Students take teachers’ words to heart
By JASON MAYFIELD/Guest Columnist
I read “Wounded by School” by Kirsten Olson, Sara Lawrence-Lightfoot, and Parker Palmer recently, and if I had my way, the book would be required reading for teachers everywhere.
In “Wounded,” the authors interviewed adults who were hurt by the words or actions of others. Tragically, those others were often teachers.
While I doubt there’s anyone who enters education with the intent to wound anyone, the enthusiasm and energy that greets a new school year can often be forgotten once the first chills of autumn come (so in Alabama, in late October).
Obviously, no one ever responds to every situation in a completely proper and encouraging way, particularly without a good cup of coffee, but the book was scary enough to any caring educator.
I could relate. My junior year, in Honors English, I ran into a teacher I could not please. I can still remember his red “No” out in the margins of my papers. I’m not exactly sure what his “No” meant. I always took it to mean that not only was my argument wrong, but that I was stupid for even trying to write.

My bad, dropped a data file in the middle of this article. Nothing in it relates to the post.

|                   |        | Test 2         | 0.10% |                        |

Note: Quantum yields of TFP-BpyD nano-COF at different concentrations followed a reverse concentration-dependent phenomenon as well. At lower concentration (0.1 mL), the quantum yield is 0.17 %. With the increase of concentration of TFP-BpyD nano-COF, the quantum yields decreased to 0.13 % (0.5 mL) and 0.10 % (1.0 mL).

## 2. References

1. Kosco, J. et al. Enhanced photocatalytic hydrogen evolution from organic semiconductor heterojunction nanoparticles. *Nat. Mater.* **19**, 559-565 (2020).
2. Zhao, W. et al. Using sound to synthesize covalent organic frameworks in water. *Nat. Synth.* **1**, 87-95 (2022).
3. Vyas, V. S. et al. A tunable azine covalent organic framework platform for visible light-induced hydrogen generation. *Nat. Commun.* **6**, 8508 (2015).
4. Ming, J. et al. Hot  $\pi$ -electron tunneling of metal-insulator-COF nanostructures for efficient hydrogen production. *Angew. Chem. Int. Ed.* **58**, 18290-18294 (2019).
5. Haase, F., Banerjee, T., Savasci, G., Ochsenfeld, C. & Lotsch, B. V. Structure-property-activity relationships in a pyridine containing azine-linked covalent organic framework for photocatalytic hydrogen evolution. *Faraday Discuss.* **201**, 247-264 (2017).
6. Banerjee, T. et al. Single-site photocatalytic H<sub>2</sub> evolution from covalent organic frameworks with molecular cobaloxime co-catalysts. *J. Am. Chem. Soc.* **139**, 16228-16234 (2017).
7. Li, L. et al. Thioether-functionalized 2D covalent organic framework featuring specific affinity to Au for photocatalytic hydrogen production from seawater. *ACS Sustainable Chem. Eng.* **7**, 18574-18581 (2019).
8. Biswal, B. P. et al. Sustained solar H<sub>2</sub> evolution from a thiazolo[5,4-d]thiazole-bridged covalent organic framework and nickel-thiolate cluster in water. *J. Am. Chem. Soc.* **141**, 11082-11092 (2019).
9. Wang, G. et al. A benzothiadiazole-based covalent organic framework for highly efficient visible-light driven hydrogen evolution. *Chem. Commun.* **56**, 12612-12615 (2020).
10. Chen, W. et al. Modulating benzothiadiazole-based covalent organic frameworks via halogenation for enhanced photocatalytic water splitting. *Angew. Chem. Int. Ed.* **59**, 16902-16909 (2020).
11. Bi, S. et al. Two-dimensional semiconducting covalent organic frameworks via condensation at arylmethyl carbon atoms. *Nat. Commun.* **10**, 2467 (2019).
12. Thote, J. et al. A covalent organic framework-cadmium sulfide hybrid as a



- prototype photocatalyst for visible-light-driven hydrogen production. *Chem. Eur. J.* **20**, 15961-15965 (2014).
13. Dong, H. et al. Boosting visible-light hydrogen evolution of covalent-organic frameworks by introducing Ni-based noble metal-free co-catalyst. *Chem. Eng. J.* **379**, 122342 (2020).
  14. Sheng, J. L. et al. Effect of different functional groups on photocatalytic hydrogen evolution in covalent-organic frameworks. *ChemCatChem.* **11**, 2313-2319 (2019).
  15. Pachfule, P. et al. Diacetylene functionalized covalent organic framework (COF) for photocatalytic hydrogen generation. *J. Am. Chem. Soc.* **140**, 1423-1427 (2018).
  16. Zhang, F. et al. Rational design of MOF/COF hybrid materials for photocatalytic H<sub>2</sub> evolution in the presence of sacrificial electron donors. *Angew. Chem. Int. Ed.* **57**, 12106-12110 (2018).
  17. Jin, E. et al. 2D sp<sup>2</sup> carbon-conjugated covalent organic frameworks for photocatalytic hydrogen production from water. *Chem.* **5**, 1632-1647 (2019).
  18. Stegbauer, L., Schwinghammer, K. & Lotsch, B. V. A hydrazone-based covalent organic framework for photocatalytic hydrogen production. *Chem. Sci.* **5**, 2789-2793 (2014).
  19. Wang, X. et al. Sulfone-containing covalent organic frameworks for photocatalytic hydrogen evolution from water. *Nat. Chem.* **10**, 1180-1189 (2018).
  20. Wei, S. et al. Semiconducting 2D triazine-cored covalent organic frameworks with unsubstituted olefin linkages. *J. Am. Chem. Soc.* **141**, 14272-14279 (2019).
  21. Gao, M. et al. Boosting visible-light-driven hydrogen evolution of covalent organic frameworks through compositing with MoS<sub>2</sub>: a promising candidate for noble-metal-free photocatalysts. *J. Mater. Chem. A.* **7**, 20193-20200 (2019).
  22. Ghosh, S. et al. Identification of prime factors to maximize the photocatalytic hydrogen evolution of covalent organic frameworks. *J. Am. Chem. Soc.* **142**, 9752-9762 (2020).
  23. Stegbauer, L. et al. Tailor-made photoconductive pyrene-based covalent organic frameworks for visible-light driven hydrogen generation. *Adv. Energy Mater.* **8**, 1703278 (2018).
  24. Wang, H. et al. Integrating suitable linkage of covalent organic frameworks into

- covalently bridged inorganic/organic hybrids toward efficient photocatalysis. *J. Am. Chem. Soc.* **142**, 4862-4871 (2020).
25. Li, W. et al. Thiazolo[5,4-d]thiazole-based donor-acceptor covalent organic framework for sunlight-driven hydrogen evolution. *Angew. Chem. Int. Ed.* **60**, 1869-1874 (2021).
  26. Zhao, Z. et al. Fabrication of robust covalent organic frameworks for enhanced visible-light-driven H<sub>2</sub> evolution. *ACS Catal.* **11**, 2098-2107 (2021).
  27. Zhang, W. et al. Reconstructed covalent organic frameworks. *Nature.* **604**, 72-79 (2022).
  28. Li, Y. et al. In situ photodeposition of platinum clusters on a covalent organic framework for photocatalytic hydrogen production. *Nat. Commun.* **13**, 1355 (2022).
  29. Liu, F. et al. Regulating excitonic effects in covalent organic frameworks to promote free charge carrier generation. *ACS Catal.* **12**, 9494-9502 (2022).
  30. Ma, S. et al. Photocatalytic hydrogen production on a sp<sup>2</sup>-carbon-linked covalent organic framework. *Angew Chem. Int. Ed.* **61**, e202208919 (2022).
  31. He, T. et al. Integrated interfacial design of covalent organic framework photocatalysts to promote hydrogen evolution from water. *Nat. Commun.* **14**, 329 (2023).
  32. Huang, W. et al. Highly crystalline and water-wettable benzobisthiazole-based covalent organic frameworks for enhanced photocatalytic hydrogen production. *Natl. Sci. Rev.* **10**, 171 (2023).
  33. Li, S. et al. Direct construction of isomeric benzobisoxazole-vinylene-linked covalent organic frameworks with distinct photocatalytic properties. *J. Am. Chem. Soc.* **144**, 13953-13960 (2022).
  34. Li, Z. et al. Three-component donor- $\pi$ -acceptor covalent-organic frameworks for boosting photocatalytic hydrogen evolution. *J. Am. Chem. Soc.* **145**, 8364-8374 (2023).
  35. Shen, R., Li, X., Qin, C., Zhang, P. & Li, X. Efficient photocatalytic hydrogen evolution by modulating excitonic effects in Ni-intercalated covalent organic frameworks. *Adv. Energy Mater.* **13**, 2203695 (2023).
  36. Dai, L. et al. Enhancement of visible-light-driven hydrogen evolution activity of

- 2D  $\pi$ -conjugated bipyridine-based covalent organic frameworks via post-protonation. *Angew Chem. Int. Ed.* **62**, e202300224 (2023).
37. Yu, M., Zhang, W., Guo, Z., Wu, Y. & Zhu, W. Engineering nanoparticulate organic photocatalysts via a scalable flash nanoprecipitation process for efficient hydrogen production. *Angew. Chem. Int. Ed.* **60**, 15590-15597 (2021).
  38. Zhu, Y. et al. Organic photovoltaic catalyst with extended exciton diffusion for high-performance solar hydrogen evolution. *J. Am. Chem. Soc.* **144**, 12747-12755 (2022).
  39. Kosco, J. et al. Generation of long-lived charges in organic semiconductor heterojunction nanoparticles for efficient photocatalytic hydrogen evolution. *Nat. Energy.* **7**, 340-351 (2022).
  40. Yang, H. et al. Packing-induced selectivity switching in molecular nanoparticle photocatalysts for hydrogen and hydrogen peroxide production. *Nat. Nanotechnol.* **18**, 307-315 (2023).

Thankfully, I found the opposite of that teacher the following year in my AP English teacher, and her encouragement helped me forget that “No” image that had formed in my mind.
Even at the middle and high school levels, despite what adolescents may tell you, they desperately look for adult role models.
In today’s society, a teacher’s importance in the life of a child is critical and should make every educator consider words carefully.
I tell my sixth grade students the first day of school that I have expectations for them, that I want them to have fun in the classroom and that I love them.
I tell the same thing to my seventh and eighth grade students even though they’ve heard the speech before because I always add the following: “I say this not because I’m assuming you’ve forgotten last year’s speech. This is more for my benefit, to remind myself, and for you to call me out whenever I do something that goes against what I say.”
For all of us who teach, it could do us little harm to re-examine what we say and believe about those we instruct.
Jason Mayfield is a gifted education instructor at Columbiana Middle School.